Discipleship Habit #2: Read Scripture Every Day
Week 15 Jesus, Speak Directly to Me
Lord Jesus, You are good, and we praise You. Through Your Scripture, You lovingly tell us the story of our salvation and continue to speak to us today. Forgive us for the times that we haven’t listened to You in the Scripture. In Your Scripture you tell us, “the Word of God is living and effective, sharper than any two-edged sword, penetrating even between soul and spirit, joints and marrow, and able to discern reflections and thoughts of the heart.” (Hebrews 4:12) Thank You for coming to us so powerfully through Your Word. Help us to know that You long to speak to us through Your Word. Lord, teach us how to listen to Your voice speaking to us through Your Scriptures. Inspire us to meet You in Your Word daily. Jesus, we trust in You. We make this prayer in the name of the Father and of the Son and of the Holy Spirit.
Each week, we grow more deeply into the habits of discipleship, into that “ONE THING”, which is the loving encounter with Jesus Christ in his Church. Last month, we focused on the habit of prayer. This month, we turn to the habit of growing in deeper relationship with Jesus by coming to know, more deeply, God’s Word in Sacred Scripture.
Pause, for a few moments, and consider how Jesus prayed during His earthly life. He was raised in a Jewish family and steeped in Jewish traditions. He was taught to pray, by His family, His teachers, and the rabbis. He was taught the Sacred Scriptures from childhood, memorizing them, and coming to grow into God’s Word. As disciples, we do as Jesus did.
How does one begin the habit of reading and praying with Scripture? An easy way to begin this habit is to pray with the whole Church, each day, by praying the readings of the day. These can be easily found in your parish bulletin, on the website of the United States Conference of Catholic Bishops (usccb.org/bible/readings), and you can download an app for your smartphone (look for “Daily Readings” at the Apple App Store, Google Play, or Amazon App Store). When you read the daily readings, you not only have the opportunity to pray the daily Scriptures (habit of prayer), but you do so with the entire Church throughout the world (habit of community). There are terrific publications you can also subscribe to in printed or electronic form, like Give Us This Day, The Word Among Us, Magnificat, and Living Faith. You can also find great websites that offer reflections on the readings of the day.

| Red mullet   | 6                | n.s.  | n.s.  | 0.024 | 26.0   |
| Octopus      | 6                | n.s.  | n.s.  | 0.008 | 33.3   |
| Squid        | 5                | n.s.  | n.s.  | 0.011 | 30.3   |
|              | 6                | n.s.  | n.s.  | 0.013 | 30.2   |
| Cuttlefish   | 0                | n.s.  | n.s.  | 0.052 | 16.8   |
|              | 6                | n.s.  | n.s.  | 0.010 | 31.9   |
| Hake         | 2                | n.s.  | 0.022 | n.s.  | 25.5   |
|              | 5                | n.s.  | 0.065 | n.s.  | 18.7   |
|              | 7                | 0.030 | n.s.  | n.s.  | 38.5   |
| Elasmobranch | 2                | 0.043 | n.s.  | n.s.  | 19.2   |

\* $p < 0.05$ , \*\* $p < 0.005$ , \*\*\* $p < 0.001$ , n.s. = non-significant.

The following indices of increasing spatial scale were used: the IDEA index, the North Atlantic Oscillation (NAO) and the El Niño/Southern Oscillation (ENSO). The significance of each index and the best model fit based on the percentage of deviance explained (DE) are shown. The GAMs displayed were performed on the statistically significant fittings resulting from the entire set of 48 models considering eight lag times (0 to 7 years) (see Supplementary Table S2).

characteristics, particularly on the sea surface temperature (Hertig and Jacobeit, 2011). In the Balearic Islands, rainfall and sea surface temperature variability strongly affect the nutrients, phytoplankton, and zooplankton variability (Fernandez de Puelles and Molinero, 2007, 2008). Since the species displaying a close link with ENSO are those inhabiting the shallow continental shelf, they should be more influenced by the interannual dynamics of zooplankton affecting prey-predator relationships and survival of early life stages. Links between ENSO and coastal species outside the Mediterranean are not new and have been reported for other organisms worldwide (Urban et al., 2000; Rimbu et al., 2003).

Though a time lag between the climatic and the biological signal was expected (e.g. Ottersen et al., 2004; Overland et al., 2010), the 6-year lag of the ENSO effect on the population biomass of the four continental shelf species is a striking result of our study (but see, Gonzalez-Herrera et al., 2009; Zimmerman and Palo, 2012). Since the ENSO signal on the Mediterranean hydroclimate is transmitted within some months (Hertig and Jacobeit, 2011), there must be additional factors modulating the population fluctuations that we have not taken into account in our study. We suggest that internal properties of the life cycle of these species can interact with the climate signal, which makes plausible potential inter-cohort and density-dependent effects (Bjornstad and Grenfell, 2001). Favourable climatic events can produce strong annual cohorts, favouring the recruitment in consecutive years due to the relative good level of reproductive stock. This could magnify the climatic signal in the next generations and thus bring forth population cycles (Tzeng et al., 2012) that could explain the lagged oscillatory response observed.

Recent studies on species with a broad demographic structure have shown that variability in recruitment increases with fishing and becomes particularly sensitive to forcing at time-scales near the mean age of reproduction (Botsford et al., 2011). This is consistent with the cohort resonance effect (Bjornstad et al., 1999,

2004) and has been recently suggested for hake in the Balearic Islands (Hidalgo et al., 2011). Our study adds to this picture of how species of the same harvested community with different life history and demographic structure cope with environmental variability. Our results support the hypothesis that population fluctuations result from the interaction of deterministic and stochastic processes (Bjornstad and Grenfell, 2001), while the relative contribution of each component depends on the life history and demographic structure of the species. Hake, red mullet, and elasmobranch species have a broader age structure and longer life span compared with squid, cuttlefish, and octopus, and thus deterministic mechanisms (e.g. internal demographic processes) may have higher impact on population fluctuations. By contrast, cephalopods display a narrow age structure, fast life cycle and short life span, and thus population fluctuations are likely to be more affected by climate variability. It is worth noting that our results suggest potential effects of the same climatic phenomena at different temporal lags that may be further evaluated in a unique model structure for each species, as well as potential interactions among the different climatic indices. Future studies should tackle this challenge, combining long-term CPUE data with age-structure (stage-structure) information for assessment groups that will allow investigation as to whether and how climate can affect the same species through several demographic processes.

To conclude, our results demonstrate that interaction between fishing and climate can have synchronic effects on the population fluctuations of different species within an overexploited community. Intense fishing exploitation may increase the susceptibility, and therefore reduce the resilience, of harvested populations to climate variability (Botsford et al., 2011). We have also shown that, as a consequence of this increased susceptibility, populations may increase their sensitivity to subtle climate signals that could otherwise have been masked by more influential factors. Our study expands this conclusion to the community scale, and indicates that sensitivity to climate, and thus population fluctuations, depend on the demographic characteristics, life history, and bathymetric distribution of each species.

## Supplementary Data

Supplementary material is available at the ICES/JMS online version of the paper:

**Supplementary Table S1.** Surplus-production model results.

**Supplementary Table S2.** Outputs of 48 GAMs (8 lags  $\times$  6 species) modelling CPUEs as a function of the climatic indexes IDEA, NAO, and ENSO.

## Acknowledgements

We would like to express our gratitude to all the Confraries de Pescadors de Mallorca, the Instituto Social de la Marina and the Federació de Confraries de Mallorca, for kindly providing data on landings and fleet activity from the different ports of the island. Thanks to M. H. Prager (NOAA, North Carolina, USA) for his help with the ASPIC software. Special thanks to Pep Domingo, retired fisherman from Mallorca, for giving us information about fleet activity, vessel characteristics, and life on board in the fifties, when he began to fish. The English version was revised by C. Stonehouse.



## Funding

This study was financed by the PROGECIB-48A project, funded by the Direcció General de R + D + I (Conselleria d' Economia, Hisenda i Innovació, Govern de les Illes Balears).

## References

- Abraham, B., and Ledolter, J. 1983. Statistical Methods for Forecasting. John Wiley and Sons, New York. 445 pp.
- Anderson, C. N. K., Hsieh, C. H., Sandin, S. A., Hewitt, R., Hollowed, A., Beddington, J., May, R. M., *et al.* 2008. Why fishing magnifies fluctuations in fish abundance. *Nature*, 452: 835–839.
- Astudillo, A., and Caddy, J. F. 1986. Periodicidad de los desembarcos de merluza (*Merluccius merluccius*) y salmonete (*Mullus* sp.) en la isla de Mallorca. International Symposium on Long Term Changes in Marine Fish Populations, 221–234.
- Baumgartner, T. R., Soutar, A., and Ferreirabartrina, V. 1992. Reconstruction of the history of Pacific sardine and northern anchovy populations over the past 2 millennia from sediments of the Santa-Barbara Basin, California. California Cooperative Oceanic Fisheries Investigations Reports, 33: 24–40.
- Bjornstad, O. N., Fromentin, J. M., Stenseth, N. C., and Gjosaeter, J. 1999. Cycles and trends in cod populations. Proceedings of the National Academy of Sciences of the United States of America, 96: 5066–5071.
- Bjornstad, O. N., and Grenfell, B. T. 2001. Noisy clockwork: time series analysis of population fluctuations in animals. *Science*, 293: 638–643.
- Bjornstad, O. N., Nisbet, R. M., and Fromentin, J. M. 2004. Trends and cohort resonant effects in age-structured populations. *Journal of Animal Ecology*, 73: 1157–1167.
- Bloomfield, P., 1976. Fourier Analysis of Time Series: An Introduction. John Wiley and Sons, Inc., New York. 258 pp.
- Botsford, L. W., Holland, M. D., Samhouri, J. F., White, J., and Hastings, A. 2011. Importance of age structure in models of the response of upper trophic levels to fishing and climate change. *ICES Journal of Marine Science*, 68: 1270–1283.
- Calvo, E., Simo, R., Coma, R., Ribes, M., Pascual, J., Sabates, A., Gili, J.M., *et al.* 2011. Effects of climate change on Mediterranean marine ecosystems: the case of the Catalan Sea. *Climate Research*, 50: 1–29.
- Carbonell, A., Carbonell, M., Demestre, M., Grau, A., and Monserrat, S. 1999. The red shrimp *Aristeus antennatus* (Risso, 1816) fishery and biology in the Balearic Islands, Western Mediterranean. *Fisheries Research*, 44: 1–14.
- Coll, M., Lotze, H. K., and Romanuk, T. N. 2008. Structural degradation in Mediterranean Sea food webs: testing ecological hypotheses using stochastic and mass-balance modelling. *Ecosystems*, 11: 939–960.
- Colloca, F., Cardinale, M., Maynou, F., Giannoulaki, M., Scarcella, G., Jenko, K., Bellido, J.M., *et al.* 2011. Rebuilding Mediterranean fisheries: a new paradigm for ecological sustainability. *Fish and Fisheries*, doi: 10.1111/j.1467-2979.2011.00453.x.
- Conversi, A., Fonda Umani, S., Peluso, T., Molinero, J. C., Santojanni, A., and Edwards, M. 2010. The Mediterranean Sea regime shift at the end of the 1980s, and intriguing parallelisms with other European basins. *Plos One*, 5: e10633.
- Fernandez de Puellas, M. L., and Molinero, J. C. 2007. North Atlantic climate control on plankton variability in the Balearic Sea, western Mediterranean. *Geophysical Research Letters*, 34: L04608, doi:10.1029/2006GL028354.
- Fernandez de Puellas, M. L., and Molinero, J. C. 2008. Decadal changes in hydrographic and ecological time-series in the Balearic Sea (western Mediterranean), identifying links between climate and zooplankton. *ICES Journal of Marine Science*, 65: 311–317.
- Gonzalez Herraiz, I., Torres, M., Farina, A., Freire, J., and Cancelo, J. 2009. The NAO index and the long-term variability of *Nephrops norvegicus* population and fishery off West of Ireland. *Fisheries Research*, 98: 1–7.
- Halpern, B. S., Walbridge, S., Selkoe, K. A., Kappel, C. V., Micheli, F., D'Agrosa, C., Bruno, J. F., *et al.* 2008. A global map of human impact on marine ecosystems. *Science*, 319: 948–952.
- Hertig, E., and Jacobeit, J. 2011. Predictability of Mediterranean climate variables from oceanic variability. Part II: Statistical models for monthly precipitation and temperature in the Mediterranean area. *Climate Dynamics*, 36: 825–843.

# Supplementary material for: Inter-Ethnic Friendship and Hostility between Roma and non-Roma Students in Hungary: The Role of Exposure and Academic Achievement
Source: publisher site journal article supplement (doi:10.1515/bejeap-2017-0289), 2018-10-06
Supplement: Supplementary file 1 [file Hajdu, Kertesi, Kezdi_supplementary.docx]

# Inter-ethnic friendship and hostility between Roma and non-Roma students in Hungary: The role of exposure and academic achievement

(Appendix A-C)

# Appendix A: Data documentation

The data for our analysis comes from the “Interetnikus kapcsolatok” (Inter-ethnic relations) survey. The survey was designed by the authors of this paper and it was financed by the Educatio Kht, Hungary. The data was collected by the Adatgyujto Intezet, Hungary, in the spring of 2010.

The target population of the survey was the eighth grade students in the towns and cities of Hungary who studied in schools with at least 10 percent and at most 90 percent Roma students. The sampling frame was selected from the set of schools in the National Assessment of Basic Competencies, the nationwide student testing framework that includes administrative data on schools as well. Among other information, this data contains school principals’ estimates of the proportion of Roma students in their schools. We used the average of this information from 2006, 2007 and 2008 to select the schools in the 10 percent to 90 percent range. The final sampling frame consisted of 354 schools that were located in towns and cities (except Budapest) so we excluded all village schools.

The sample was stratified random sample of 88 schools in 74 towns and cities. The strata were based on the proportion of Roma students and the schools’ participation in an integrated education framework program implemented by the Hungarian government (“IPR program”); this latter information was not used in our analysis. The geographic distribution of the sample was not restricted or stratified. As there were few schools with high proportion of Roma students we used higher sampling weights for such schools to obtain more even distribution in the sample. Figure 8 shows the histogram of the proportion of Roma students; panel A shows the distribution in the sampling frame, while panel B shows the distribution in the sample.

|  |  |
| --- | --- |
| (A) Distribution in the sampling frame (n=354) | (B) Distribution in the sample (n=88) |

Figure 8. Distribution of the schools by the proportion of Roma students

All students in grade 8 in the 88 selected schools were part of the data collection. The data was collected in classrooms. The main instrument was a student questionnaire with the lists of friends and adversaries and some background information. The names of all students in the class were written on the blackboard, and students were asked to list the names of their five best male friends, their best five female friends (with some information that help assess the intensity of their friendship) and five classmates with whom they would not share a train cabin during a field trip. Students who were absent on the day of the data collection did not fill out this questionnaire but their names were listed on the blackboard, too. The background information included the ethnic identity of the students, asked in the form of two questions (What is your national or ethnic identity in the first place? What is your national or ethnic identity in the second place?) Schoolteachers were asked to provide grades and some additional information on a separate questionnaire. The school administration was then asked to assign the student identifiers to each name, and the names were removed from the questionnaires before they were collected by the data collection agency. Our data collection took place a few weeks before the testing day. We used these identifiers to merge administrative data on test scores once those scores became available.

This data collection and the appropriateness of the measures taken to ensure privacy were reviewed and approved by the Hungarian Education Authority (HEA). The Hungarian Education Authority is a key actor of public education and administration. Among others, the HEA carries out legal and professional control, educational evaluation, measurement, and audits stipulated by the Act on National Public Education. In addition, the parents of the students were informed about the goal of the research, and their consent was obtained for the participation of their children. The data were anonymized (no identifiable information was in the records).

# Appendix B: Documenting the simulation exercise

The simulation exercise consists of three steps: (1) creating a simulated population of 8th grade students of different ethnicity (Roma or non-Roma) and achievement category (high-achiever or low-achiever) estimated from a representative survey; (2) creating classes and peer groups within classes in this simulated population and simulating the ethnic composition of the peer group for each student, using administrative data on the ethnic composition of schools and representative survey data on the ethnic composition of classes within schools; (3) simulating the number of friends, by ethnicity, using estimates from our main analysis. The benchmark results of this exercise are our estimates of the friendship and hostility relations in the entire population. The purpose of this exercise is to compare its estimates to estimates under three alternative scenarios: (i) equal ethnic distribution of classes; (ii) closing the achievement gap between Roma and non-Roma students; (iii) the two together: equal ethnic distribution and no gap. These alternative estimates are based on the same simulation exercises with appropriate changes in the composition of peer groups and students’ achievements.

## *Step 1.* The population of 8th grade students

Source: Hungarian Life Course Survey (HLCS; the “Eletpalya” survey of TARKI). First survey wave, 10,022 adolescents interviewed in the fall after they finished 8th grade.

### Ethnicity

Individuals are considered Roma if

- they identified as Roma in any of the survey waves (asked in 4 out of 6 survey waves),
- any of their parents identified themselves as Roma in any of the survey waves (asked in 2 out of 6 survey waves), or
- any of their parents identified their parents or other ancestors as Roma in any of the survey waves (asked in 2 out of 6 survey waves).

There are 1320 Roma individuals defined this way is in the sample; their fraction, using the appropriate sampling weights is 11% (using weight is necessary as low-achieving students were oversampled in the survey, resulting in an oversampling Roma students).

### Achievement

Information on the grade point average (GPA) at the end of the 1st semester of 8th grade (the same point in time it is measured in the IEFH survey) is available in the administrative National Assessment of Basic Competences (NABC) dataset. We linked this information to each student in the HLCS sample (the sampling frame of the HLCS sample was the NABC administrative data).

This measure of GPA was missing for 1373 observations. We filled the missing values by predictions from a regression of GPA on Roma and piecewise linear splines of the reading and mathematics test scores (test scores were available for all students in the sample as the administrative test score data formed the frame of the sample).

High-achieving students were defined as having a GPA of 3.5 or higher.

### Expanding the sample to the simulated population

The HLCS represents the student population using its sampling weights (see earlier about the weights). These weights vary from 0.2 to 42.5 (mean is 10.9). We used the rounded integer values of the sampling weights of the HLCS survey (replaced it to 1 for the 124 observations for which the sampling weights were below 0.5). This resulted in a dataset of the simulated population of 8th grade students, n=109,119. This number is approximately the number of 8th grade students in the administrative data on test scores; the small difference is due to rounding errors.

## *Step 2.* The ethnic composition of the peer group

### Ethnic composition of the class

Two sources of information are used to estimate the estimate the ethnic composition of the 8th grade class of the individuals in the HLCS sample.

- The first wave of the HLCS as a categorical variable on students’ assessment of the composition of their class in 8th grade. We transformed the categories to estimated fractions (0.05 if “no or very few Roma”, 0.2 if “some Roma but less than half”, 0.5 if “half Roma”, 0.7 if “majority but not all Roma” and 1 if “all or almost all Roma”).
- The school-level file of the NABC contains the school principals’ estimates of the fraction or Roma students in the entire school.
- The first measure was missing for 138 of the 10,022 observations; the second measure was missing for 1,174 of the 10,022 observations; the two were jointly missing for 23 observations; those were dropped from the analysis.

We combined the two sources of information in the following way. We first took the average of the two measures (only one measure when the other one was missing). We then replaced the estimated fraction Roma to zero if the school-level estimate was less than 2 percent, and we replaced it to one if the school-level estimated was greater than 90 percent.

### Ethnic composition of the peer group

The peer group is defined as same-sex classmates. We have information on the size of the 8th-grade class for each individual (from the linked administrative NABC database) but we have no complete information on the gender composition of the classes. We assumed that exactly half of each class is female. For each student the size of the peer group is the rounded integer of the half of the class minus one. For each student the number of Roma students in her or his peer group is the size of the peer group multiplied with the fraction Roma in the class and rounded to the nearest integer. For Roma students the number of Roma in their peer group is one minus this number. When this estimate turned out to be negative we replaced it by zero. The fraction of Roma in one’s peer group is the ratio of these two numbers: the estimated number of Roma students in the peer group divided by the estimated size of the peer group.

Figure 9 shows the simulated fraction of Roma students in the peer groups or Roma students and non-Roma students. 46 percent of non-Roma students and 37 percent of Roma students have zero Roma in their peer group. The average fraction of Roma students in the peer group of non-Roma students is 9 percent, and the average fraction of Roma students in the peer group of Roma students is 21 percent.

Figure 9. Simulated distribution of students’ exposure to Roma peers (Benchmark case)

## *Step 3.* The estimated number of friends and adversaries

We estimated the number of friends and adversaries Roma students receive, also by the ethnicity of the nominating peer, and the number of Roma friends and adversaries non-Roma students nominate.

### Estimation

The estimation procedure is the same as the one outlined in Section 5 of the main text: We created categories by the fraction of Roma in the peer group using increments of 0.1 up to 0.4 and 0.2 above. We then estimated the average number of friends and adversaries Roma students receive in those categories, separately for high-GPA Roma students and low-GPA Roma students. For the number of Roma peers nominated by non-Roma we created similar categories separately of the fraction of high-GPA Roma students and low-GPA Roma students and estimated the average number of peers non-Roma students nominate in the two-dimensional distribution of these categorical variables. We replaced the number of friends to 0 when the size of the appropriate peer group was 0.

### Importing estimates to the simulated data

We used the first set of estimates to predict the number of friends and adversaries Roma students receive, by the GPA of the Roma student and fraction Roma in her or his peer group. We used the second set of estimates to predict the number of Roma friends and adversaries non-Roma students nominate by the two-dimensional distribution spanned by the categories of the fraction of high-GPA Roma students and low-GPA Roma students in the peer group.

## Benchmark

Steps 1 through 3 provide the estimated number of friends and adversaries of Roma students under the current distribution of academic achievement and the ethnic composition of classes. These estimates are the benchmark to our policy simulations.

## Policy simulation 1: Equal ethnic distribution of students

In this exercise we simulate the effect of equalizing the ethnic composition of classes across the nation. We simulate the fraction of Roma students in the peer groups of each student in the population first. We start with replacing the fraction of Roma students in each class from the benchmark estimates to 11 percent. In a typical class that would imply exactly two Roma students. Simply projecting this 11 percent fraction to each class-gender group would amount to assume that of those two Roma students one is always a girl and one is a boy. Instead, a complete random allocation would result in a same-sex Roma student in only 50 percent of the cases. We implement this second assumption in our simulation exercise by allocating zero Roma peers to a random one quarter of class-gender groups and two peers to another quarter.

Throughout the month, practice incorporating reading and praying with Sacred Scripture into your day. By listening to God’s living Word in Sacred Scripture, we can hear the voice of Christ speaking directly to us in our lives.
What is your favorite Bible verse? In what way does it impact how you think about Jesus? … about yourself?
Praying with Ignatian Contemplation
The Scriptures are God’s Word revealed to His people. He continues to speak to us through them today. Leaning to listen to God speak through Scripture is like learning any new language. It takes practice.
One way the Church has taught us to listen to God speaking through the Scripture is through Ignatian Contemplation. In this prayer, one uses his or her senses in an imaginative way to reflect on a Gospel event in Jesus’ life. One uses the senses – seeing, hearing, tasting, touching, and smelling – to make the Gospel scene feel real and alive. Begin by selecting a passage from Sacred Scripture with which you may wish to pray. Some suggestions might be:
John 11:1 - 44: The Raising of Lazarus.
Mark 10:46 – 52: The Blind Bartimaeus.
1 Samuel 3:9: Speak, Lord.
The Ignatian Contemplation method:
Lord, inspire me to read Your Scriptures
and to meditate upon them day and night.
I beg You to give me real understanding of what I need,
that I in turn may put its precepts into practice.
Yet, I know that understanding and good intentions are worthless,
unless rooted in Your graceful love.
So I ask that the words of Scripture may also be not just signs on
a page, but channels of grace into my heart.
Origen of Alexandria, 184 – 253 AD